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  • The Humanities’ Plight
  • Alfred Louch
What’s Happened to the Humanities? edited by Alvin Kernan; viii & 267 pp. Princeton: Princeton University Press, 1997, $29.95.

Congress once tried to define the Humanities. The term em-braces, said the bill establishing the National Endowment for the Humanities, the study of language, linguistics, history, jurisprudence, philosophy, archaeology, comparative religion, ethics, the history, criticism, theory and practice of the arts, those aspects of the social sciences which have humanistic content and employ humanistic methods . . . well, there’s a bit more, and also a clause or two I have not bothered to include, but let’s stop there. The authors of the bill evidently came to see that any list claiming to be complete would exclude some worthy claimants to the endowment’s funds. Besides any definition describing exactly what humanists do was quite beyond the powers of their humanist advisors and therefore hardly a task for them. So they said in effect: you know what it’s like to study Plato or Shakespeare, the Carthusians or the Cathars, diplomatic manoeuvers among nineteenth-century European powers or religious icons in Byzantine civilization, and of course what it means to acquire the discipline to produce impeccable texts and literate translations. That, and anything like it, is humanistic. The humanities is a family, and its various members share, as Wittgenstein would say, family resemblances.

Fair enough. The trouble is, Congress—not to mention academic [End Page 231] administrators and departmental empire builders—wasn’t really interested in likenesses that would justify lumping together a variety of apparently different and sometimes dissident activities and products. They wanted to give or to get money for people and projects overlooked in the great post-war dispensation, when scientists earned society’s munificence because their bombs, long-range rocketry, pills, and hormone-injected livestock demonstrated the manifest contributions of their trades to human welfare. Psychologists and economists had also prospered by artfully misrepresenting what they did or accomplished, in a way that opened to them the deep pockets mesmerized by science. But then those left out said: what about us? And Congress, having thoughtlessly committed itself to the support of education, and not merely to better bombs or corporation-enriching patents, endowed the Humanities and the Arts, and so committed itself to the support of every field of academic study.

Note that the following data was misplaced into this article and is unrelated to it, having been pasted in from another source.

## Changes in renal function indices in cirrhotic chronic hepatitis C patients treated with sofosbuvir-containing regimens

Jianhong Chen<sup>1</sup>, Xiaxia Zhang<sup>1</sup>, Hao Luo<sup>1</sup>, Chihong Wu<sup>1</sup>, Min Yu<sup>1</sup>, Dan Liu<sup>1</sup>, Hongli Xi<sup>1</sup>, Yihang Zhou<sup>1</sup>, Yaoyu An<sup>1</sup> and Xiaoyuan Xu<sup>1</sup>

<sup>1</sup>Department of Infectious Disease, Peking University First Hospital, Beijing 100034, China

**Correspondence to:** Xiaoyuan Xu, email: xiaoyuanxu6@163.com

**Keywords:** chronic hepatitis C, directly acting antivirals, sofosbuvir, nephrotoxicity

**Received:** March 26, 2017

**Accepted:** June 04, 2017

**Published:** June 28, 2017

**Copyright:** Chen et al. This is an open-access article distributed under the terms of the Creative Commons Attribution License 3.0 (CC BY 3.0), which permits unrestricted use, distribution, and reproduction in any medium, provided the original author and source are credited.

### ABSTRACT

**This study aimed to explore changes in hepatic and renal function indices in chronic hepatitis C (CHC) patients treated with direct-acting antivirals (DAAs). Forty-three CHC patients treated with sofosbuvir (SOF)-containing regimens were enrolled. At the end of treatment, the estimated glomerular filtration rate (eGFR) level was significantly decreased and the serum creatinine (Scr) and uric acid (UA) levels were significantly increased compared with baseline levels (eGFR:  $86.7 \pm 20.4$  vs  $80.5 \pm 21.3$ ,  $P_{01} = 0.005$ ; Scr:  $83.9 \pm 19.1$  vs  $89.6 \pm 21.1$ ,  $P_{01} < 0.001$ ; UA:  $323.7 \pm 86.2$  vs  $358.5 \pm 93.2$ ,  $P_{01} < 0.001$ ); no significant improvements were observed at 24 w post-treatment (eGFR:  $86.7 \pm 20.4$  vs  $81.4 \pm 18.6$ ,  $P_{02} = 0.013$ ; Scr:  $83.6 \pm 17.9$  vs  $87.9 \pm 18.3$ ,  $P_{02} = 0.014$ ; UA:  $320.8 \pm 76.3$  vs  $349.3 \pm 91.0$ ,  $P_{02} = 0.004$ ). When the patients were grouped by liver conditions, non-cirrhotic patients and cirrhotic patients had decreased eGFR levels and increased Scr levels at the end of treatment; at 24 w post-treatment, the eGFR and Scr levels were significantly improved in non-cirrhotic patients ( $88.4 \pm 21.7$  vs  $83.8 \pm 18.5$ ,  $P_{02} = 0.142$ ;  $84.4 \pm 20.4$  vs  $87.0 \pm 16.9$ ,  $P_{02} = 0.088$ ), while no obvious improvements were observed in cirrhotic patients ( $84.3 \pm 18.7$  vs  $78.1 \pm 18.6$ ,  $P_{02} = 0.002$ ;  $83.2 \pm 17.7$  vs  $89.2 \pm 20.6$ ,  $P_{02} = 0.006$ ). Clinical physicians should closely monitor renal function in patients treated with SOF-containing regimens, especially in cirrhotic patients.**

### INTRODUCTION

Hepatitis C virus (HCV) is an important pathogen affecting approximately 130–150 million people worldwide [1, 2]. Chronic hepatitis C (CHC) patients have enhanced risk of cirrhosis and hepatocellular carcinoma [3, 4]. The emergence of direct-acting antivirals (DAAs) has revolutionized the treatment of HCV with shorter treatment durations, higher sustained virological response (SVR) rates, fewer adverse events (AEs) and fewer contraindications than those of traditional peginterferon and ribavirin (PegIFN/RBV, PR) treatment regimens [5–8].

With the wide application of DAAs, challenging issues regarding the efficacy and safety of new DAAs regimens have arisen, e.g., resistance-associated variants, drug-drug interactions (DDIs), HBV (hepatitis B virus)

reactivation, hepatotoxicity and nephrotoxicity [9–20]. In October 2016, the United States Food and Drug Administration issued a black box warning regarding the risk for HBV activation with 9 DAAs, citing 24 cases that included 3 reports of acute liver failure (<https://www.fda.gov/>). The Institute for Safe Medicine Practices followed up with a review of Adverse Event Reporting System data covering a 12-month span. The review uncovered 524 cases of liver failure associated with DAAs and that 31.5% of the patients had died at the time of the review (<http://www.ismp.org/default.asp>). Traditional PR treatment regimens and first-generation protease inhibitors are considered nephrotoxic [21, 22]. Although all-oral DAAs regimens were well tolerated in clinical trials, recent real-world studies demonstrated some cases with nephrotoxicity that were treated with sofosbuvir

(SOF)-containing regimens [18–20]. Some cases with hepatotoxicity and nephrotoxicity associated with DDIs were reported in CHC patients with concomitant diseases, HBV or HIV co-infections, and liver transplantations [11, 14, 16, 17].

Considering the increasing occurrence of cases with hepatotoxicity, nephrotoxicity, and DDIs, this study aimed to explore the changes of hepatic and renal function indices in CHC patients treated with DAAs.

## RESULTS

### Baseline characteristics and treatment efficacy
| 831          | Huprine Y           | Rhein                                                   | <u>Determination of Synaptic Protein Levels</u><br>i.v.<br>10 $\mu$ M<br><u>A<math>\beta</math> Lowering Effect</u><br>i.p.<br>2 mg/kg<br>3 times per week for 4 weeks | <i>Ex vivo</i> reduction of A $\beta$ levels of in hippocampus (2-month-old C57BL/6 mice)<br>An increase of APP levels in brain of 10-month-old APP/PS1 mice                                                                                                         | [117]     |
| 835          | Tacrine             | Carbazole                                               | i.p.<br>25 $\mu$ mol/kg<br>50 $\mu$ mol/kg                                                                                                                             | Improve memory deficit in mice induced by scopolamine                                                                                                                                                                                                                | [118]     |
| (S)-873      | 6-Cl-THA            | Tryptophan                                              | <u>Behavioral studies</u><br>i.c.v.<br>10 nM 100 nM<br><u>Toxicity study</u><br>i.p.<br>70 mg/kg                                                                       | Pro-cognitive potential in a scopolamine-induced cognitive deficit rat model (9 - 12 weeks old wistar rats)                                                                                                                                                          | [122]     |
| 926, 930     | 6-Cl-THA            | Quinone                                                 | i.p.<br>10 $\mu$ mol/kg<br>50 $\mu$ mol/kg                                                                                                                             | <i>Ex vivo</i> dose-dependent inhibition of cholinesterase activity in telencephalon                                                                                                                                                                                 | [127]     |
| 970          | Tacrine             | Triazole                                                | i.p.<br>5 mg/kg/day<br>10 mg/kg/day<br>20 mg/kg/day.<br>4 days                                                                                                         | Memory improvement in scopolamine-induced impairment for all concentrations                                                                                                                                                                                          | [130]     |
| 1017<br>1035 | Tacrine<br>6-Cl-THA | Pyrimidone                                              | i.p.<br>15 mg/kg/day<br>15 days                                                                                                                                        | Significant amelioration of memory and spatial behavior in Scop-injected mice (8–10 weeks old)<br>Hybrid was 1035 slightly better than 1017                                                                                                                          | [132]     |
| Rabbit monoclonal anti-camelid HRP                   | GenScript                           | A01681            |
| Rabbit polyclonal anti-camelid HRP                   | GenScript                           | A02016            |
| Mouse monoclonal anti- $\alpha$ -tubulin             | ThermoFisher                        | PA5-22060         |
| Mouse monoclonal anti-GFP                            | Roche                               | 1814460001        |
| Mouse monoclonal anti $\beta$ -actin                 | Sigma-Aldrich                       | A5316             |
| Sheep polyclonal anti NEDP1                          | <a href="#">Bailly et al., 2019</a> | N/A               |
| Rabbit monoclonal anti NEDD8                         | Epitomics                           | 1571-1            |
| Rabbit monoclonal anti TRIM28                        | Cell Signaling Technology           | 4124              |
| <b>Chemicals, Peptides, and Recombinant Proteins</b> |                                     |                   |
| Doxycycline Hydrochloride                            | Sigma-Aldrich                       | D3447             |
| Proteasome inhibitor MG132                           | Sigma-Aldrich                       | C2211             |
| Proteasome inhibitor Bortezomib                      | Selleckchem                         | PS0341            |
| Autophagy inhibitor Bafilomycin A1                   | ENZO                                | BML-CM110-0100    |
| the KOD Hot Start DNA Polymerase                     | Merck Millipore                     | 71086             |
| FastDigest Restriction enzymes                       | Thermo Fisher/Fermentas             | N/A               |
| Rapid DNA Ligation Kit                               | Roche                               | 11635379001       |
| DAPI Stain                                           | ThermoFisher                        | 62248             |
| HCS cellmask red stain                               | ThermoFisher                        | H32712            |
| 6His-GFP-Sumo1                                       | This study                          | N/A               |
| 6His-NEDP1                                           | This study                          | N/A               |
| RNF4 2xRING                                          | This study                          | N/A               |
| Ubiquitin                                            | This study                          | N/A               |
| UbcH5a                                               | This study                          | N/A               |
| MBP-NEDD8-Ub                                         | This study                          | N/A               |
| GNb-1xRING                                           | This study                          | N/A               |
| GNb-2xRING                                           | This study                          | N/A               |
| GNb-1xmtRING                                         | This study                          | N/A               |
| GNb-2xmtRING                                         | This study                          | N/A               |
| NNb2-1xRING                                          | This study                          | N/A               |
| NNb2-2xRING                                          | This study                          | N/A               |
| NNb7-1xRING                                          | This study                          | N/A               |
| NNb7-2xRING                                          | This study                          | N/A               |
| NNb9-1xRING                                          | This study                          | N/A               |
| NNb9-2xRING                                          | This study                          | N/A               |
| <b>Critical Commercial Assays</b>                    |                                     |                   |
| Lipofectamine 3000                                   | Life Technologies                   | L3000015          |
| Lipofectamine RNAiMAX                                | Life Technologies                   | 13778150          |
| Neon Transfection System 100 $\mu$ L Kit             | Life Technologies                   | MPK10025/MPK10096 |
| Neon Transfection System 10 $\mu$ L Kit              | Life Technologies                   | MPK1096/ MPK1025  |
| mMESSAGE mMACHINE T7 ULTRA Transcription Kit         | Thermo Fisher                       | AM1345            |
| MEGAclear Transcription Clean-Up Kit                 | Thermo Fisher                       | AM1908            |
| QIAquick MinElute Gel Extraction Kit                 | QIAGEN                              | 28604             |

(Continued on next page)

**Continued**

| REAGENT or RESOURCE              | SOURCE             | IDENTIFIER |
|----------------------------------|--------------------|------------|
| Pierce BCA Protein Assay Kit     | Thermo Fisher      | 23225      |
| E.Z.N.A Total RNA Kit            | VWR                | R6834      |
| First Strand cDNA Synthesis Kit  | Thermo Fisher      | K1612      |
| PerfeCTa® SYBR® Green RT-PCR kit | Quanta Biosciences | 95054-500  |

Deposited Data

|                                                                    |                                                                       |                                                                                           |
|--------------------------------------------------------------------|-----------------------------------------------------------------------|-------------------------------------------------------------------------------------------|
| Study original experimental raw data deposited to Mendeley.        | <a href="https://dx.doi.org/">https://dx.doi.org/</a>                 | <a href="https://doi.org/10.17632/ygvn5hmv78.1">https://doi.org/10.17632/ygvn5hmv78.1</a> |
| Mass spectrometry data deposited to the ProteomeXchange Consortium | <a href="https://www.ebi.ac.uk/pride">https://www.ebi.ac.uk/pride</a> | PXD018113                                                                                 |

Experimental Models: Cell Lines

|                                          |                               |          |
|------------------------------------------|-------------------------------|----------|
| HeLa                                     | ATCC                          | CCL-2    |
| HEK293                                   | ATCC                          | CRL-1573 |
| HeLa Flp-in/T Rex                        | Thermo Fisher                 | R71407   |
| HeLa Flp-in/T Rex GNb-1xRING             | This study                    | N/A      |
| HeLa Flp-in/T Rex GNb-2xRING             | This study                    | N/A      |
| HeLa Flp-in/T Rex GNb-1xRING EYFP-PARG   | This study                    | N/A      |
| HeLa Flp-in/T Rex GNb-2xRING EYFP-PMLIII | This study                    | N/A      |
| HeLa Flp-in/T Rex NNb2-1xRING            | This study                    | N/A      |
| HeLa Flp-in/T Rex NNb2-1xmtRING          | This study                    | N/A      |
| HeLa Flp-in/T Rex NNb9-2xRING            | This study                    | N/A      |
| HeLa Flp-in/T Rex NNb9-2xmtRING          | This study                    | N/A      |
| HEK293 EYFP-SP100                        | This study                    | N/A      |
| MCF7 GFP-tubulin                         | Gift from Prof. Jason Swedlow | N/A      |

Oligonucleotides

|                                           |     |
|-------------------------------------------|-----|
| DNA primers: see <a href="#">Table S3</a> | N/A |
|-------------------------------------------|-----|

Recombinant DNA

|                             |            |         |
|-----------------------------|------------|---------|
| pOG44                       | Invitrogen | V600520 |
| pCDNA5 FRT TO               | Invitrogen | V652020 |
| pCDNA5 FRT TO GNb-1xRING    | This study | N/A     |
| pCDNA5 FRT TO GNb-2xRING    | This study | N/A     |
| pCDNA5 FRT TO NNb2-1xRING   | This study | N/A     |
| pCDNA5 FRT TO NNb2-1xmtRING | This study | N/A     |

Those were good times in English literature, philosophy, and history. Enrollments swelled, particularly in graduate schools. Faculties doubled, trebled, quadrupled their size. When I was an undergraduate at Berkeley in the late forties, for example, there were seven faculty in philosophy; the number now I think is around thirty, and the building which then housed all the Humanities is occupied by the English department alone.

The bull market peaked around 1970; from then on signs of distress began to appear. The flow of public money reduced to a trickle and private philanthropists looked mostly elsewhere. Academic jobs became scarce, as administrators retrenched by not replacing retiring faculty. Bearishness induced much reflection. Humanists asked: Is philosophy dead? Is history outmoded? Is English literature relevant? And now, as in the book under review, “What’s Happened to the Humanities?”

One answer not offered here, or elsewhere so far as I know, must seem plausible to anyone in a position to recall the post-war decade. The current decline is simply the rectification of student numbers artificially inflated by the post war boom. The GI Bill was mainly responsible, though its effect was prolonged by the unchallenged conviction that higher education should be available to all, especially as it appeared that college provided the key to a decent job and the good life. That view motivated people to enter college, but it did not send them in great numbers into the Humanities, where vocational prospects were uncertain. This account is small comfort to students who have burned midnight oil pondering over many a volume of forgotten [End Page 232] lore, only to find themselves flipping hamburgers for a living. It also leaves hanging in the air heretical doubts about the idea of universal education. The contributors to this volume leave that issue alone, so I shall not pursue a path where angels have...

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